Fast, easy, made of just a few ingredients that you already have on hand, and ready in a snap. Prepare some rice or noodles and whatever veggies you have on hand while it’s baking, and you’re done.
Here’s how it goes down.
- Buy a package of firm tofu; pre-cubed or cube it yourself. Your call.
- Press it, then put into a mixing bowl.
- Mix together the marinade ingredients (and feel free to make them your own. Want more spice? Up the hot sauce. Want less saltiness? Reduce the soy/tamari and increase the olive oil slightly), then pour over the tofu. Toss to coat.
- Bake. Turn. Bake some more.
- Dinner is served.
So, yes, five ingredients. Five steps. Not a coincidence. I love stuff like that. #nerdalert
Stumped on the rest of dinner? Here are 5 Tofu Recipes That Use This Baked Tofu:
- The noodle bowl pictured! Cook and cool gluten free buckwheat or rice noodles and toss them with sesame oil and a dash of tamari or coconut aminos. Top with sliced veggies (e.g. tomatoes, carrots, bell peppers, and pickled onions [leave out the sumac if you’re making them for this bowl]), garnish with cilantro, and squeeze some fresh lime juice over the whole thing before enjoying.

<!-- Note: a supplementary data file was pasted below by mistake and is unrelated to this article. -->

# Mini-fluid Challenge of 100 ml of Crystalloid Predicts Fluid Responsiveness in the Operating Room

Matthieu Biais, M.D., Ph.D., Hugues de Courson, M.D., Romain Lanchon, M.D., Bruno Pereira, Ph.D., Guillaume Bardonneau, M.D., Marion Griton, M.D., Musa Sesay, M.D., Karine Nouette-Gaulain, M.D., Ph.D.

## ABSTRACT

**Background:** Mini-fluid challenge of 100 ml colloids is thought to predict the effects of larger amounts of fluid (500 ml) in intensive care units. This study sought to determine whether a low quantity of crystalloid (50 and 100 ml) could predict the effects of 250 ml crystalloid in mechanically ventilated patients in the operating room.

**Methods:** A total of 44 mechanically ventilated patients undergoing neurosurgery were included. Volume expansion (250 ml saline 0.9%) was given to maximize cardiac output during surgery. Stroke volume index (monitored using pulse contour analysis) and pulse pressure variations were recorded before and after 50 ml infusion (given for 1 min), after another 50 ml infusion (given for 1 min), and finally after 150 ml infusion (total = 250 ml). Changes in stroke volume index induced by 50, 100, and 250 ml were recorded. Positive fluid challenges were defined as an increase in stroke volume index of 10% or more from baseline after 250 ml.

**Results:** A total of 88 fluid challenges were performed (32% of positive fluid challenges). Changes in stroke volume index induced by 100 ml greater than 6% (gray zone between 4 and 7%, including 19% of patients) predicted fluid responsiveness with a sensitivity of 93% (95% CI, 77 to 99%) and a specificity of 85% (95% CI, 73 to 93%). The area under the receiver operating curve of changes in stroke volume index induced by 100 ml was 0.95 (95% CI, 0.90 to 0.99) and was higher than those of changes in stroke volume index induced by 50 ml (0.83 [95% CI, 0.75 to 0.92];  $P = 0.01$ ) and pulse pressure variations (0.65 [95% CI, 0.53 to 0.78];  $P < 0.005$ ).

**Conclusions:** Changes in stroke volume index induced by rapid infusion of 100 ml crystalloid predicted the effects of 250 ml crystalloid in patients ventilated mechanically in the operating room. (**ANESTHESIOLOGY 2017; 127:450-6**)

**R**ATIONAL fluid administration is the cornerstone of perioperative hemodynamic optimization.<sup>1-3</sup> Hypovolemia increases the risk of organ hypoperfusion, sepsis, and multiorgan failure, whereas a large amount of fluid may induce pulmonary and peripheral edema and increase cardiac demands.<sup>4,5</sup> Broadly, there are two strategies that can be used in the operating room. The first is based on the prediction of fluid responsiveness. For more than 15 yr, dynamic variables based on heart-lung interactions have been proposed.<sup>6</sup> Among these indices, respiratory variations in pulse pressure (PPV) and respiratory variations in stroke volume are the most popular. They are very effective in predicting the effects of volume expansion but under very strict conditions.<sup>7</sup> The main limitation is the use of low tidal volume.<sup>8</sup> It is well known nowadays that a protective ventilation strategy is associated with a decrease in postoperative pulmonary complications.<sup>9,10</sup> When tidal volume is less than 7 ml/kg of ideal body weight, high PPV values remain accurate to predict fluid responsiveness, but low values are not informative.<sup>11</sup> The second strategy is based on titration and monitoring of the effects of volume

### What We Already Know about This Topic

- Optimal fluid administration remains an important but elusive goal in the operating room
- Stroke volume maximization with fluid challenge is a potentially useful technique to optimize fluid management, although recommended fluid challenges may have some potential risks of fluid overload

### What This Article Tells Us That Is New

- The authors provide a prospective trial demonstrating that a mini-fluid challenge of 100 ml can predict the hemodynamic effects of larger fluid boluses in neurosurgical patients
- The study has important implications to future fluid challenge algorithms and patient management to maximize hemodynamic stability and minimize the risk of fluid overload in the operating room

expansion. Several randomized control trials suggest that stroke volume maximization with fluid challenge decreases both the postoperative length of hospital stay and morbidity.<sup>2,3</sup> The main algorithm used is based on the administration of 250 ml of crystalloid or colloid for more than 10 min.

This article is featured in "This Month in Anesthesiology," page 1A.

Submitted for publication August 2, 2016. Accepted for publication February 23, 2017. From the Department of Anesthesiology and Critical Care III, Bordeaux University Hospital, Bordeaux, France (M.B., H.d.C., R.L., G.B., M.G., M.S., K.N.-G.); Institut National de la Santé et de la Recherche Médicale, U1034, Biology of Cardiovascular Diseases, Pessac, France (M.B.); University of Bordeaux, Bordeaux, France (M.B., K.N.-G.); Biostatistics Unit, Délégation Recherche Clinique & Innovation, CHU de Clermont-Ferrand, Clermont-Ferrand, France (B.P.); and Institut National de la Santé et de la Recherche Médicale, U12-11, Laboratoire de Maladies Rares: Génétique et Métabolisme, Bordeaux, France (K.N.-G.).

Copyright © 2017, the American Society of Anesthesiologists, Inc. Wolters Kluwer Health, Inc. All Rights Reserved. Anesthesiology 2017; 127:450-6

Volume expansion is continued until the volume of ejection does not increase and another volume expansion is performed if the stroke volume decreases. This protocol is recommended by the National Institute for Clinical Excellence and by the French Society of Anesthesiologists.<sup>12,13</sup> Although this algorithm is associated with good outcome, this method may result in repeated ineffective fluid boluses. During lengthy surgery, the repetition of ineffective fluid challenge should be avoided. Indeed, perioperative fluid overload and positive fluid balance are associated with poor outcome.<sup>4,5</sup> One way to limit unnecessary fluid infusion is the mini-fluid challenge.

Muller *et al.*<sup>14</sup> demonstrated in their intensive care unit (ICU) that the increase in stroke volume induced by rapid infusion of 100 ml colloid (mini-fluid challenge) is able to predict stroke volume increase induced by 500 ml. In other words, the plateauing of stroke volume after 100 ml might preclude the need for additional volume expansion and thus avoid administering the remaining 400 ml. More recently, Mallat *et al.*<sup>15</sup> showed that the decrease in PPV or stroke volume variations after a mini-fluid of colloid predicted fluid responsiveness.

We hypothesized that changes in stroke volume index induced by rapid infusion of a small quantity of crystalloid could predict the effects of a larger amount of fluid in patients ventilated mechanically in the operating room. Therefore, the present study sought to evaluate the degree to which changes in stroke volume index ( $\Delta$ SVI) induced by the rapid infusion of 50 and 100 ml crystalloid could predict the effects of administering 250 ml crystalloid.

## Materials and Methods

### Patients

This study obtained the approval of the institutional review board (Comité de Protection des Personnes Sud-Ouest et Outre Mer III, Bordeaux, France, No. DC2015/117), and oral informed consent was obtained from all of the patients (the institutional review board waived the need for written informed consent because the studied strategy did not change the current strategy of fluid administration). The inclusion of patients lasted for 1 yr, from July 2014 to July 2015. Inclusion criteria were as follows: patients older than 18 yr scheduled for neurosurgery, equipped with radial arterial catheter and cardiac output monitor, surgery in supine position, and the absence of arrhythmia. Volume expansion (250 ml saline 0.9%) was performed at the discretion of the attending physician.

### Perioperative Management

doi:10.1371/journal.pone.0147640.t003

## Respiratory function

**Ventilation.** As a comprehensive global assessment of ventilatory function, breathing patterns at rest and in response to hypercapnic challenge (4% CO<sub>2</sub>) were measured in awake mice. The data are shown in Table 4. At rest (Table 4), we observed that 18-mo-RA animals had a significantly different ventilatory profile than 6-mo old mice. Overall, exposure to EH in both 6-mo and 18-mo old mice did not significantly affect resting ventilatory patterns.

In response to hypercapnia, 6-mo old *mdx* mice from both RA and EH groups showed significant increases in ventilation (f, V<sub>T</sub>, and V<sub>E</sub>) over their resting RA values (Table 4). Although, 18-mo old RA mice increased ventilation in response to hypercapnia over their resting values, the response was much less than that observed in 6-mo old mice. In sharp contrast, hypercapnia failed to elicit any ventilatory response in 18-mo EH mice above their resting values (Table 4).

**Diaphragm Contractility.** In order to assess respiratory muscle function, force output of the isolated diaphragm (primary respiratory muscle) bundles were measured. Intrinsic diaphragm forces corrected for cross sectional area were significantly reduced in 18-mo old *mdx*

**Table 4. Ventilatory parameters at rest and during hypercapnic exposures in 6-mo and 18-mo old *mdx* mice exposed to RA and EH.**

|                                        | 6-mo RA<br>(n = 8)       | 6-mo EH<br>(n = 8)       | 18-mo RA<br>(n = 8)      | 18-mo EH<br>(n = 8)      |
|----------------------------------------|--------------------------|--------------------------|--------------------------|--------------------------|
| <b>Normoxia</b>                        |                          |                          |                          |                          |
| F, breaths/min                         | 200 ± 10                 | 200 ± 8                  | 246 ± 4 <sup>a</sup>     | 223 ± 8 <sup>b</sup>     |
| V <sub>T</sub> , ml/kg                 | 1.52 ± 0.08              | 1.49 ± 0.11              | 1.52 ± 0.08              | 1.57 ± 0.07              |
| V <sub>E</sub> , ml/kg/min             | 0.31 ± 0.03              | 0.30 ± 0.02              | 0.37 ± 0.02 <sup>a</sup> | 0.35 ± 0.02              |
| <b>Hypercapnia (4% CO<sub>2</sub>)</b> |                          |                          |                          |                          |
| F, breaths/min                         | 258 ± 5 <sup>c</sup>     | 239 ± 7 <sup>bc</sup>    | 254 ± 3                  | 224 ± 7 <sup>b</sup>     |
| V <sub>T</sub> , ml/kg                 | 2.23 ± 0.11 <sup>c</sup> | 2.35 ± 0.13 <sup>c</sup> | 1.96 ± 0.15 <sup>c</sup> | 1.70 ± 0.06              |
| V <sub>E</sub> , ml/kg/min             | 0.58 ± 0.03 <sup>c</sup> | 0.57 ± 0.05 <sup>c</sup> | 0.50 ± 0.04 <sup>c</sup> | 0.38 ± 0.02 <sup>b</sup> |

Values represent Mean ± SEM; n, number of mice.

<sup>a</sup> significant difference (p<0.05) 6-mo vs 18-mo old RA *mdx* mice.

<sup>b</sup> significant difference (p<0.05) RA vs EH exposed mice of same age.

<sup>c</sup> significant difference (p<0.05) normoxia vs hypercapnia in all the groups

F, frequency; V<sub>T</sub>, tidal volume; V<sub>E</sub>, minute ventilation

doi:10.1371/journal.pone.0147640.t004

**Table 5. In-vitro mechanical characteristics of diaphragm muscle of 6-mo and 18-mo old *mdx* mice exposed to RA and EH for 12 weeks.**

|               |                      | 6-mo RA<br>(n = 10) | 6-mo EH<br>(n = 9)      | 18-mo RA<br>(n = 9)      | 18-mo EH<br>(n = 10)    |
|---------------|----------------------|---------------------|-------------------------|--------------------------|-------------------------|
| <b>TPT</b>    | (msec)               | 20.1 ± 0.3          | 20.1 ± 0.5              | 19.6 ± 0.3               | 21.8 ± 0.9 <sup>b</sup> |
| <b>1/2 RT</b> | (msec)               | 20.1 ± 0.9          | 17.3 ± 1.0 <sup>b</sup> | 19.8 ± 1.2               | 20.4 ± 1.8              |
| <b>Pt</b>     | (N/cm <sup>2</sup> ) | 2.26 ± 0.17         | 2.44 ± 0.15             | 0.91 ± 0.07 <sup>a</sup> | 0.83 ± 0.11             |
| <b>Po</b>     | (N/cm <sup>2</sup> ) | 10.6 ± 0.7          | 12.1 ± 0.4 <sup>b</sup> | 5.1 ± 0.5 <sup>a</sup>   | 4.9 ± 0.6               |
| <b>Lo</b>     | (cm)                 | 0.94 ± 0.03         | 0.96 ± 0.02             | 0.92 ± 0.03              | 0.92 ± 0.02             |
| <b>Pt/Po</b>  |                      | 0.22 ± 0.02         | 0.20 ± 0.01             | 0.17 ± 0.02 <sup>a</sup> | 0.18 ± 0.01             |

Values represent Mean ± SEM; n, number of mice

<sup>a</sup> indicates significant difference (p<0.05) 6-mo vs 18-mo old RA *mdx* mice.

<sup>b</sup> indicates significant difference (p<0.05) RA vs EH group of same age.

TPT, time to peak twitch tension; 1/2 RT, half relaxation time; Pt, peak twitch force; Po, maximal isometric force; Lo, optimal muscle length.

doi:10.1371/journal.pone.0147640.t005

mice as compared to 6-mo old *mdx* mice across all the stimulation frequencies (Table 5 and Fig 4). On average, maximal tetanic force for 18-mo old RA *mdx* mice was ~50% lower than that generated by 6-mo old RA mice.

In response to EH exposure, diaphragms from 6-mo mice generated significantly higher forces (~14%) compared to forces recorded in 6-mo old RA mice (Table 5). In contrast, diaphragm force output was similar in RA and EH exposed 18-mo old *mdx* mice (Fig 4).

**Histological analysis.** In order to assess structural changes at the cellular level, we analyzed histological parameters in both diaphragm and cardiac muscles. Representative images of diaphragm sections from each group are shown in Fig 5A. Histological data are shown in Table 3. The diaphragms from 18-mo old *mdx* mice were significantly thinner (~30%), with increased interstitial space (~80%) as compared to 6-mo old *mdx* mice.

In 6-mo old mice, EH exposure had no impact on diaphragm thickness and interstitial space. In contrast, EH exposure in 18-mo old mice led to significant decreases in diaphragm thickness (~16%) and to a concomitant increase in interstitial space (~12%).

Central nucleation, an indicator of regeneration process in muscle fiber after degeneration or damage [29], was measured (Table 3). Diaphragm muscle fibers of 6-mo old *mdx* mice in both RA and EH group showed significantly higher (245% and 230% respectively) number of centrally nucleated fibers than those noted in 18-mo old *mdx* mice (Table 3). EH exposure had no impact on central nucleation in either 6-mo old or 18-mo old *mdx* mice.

- Collard Wraps. Make sure to cut the tofu into strips, rather than cubes, before baking.
- Brussels Sprouts Fried Rice, sans spice. Skip the marinate in the recipe, and make this ???? instead. Toss it in when the recipe calls for the spicy stuff.
- Honey Sriracha Roasted Acorn Squash Quinoa Bowl. In the time it takes you to say the full title of that recipe, you could have made this baked tofu. ????
- Vegetarian Banh Mi. Make sure to cut the tofu into slabs, not cubes, before baking.
One more quick tip: Pressing tofu
The long and the short of it is this: don’t you dare buy a tofu press. It is a total waste of money and what Alton Brown would call a unitasker, a category of kitchen gadget that I thoroughly believe should be kept to a minimum.
To press tofu, do this: